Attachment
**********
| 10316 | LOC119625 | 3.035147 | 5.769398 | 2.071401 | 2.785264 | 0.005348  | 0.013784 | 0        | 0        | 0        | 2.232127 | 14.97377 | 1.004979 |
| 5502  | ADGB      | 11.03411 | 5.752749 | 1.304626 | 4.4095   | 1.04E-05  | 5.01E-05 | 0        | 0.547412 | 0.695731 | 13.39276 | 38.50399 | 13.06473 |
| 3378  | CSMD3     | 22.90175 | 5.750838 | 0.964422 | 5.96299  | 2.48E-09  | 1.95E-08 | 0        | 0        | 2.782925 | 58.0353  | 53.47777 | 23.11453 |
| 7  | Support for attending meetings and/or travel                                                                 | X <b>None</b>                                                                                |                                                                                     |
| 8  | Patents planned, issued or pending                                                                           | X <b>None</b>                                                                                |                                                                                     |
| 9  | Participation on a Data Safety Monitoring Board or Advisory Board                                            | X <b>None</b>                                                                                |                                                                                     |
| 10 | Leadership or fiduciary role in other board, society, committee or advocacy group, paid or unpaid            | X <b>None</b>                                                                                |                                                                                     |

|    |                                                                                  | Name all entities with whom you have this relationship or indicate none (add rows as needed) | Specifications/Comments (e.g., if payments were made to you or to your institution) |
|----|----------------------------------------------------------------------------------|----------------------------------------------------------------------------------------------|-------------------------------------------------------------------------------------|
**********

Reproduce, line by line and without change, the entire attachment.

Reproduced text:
| 10316 | LOC119625 | 3.035147 | 5.769398 | 2.071401 | 2.785264 | 0.005348  | 0.013784 | 0        | 0        | 0        | 2.232127 | 14.97377 | 1.004979 |
| 5502  | ADGB      | 11.03411 | 5.752749 | 1.304626 | 4.4095   | 1.04E-05  | 5.01E-05 | 0        | 0.547412 | 0.695731 | 13.39276 | 38.50399 | 13.06473 |
| 3378  | CSMD3     | 22.90175 | 5.750838 | 0.964422 | 5.96299  | 2.48E-09  | 1.95E-08 | 0        | 0        | 2.782925 | 58.0353  | 53.47777 | 23.11453 |
| 7  | Support for attending meetings and/or travel                                                                 | X <b>None</b>                                                                                |                                                                                     |
| 8  | Patents planned, issued or pending                                                                           | X <b>None</b>                                                                                |                                                                                     |
| 9  | Participation on a Data Safety Monitoring Board or Advisory Board                                            | X <b>None</b>                                                                                |                                                                                     |
| 10 | Leadership or fiduciary role in other board, society, committee or advocacy group, paid or unpaid            | X <b>None</b>                                                                                |                                                                                     |

|    |                                                                                  | Name all entities with whom you have this relationship or indicate none (add rows as needed) | Specifications/Comments (e.g., if payments were made to you or to your institution) |
|----|----------------------------------------------------------------------------------|----------------------------------------------------------------------------------------------|-------------------------------------------------------------------------------------|